We got to the register and we both held our breath. The shoes were about $200, but she finally treated herself. She walked out with her head held high. I walked out with my chest out too, holding our bags. Yep, I knew it. Mom was Claire Huxtable!

Flashback a few years.

My mother was working very hard, juggling it all.

Then all of a sudden, she purchased a casio keyboard and set it up in the living room. She declared that once a week she was going to take piano lessons.

And so, for several months she did. Scales, and little ditties filled our home as she prepared for her weekly class.

I wondered why my Mom did this religiously and was not to be disturbed.

Then I got grown. I started working a crazy job with crazy hours and when I decided I wanted to take guitar lessons and have a standing appointment– job be dammned– it clicked.

I understood why my mom was so intent on those weekly piano lessons.

My mother needed something for HER. She needed an outlet where she could be herself, and learn something completely new, and do something that had nothing whatsoever to do with her husband, her kids, her job or other civic duties.

When my mother splurged for $200 shoes, she decided to do something for her. I now totally recognize that look in her eyes while deciding to do it, because I do the same thing. You rationalize, and then you say, wait, I deserve this! I’m doing it and I don’t care!

Who knew me watching her do those things for herself was going to have such an impact on me in terms of realizing, no matter what, you have to take care of you.

But the lesson of the piano lessons didn’t end there.

She’d be mortified if I told this story, but she had prepared a piece to play for our church’s annual Christmas program.

She’d been practicing and practicing at home.

She had it down.

They called her name. She sat down to the piano, and nothing.

She froze completely.

She went to her seat completely embarassed. Until someone, probably my dad, encouraged her to try again.

She went back and she played her song.

Afterwards, in her amazing way of telling stories, she said, “I saw nothing on the page. Literally, all of the notes, just jumped right off. I couldn’t play a thing!”

And she laughed. She was horribly embarrassed and admitted it, but she still could laugh at herself in the end.

My mother has always been brutally honest, sometimes silly and sometimes even crass. I see flashes of that even now in the thick of her illness.

I love my mother. There have been times I have been angry, and even ashamed, then angry and ashamed at myself. My mother is a recluse and is scared to leave our house. She hasn’t gone further than our front yard in over a decade for sure. She hears things and sees things and believes the government is watching our every move. It’s difficult for her to sleep for very long.

I don’t know why these things happened to her and happened to my family, but that woman who raised me and taught me how to be a vibrant woman, who speaks her mind and always has a fresh pair of pantyhose on standby, is my mother, for better or for worse.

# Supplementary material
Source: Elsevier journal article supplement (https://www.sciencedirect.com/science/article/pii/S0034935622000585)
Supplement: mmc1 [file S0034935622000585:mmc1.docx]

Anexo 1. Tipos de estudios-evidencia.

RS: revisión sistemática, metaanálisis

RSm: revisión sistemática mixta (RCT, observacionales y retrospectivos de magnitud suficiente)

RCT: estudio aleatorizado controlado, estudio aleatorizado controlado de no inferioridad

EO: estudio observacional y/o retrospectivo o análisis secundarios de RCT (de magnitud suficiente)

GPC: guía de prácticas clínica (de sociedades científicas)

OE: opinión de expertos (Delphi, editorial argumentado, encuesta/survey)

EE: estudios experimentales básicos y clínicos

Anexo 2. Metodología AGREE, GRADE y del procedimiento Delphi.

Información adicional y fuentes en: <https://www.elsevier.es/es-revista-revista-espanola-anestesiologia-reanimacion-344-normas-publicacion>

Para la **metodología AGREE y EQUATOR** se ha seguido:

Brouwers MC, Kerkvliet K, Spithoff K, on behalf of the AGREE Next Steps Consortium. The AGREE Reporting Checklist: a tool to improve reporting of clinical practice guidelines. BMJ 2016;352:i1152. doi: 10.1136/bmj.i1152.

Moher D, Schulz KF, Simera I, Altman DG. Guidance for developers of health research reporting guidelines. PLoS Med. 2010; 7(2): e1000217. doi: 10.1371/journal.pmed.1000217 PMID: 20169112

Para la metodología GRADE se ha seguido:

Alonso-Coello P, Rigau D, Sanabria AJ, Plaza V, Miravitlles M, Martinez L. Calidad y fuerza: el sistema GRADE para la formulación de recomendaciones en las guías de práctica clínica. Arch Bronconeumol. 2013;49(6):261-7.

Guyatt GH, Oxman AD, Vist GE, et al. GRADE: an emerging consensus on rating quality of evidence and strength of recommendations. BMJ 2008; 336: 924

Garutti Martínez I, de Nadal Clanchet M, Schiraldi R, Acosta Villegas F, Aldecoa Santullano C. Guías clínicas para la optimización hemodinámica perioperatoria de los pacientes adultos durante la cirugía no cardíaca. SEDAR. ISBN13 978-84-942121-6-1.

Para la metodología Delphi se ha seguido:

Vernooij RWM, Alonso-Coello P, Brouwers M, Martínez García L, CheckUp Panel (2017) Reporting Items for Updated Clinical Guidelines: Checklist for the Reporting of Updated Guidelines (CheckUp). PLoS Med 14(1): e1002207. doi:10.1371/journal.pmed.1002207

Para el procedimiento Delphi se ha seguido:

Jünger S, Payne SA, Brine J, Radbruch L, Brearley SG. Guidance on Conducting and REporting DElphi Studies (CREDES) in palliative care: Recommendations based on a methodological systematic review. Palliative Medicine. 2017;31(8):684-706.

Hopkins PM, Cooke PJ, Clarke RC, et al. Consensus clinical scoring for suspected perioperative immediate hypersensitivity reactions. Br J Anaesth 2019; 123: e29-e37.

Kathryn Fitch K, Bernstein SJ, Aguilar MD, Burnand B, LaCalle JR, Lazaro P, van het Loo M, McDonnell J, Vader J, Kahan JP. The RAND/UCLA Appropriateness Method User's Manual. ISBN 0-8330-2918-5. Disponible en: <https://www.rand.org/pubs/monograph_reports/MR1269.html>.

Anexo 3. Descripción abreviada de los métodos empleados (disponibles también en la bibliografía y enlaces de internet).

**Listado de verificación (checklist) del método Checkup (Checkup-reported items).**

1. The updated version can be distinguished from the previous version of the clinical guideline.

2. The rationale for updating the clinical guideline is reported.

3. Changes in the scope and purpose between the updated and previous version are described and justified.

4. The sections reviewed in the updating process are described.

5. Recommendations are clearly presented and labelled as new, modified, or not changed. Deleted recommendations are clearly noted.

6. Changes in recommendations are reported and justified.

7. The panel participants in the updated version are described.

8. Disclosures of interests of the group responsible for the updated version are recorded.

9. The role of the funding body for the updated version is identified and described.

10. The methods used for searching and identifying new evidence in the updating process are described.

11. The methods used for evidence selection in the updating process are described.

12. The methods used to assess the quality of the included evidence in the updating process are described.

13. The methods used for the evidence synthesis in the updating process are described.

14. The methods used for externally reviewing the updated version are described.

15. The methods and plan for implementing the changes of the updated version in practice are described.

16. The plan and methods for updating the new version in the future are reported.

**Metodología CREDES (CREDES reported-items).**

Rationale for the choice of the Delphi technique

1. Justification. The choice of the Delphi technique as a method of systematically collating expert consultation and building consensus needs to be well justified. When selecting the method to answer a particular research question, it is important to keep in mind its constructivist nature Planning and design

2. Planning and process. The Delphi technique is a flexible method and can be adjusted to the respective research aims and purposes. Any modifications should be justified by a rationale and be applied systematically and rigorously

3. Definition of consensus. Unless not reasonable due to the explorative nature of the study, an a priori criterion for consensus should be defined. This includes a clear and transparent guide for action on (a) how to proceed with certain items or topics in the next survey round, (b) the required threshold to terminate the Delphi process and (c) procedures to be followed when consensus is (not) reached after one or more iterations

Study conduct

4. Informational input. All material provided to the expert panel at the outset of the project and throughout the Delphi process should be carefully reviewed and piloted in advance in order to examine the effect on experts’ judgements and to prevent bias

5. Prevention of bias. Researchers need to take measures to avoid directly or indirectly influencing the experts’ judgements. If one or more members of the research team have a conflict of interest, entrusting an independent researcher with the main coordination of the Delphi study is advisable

She is the only one I’ve got. She had to be one hell of a woman, to influence me so much and make me so strong, even though it seemed like I had her at full capacity for a very short period of time.

She got me to 16, and she is still teaching me, she’s still making me stronger and better and compassionate and a fighter. Sometimes she has these moments of clarity, where her mind is still and she’s speaking to me so clearly. I want to cry because I know it won’t last, but even for a few moments, I am like my friends, who can go to brunch with their moms or have a spa day. I listen to her words, I sip tea and I cherish it.

The moment slips instantly and she’s back to patrolling the house for signs of government infiltration. My heart sinks. I had her. I saw her again, I heard her voice.

For a long time I didn’t realize she still has been giving to me, even when I couldn’t or wouldn’t see it.

Her illness did not steal my mother from me. It made me see her even more clearly and see the complexities of womanhood and whatever secrets she held from her past held on her.  It made me further appreciate what hard work it is to be a excellent and real woman, wife and mother who is strong, but can be very fragile.

She’s not Claire Huxtable, and she doesn’t have to be. My mother as she is, now and forever will always be good enough for me. I love you, Mom.

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23 thoughts on “Mom’s Lessons

  1. mysending on said:

    My mother had a series of illnesses that took her away from us for 5 years before she died. So she slowly lost all of who she was. And yet, she still taught us so much. Your mother obviously taught you very well. Thank you for sharing this.

    • Thank you so much. Sometimes it’s hard for me to talk about it. So I’m glad I wrote it. I’m so sorry for your loss. It is amazing what you learn in really difficult times.

  2. Lovely post. Thank you for sharing. Moms are what they leave behind in their children 🙂

  3. suestopford on said:

    Am very proud of you for sharing this story. It must have been hard for you to tell it. Lots of love and hugs to you. 🙂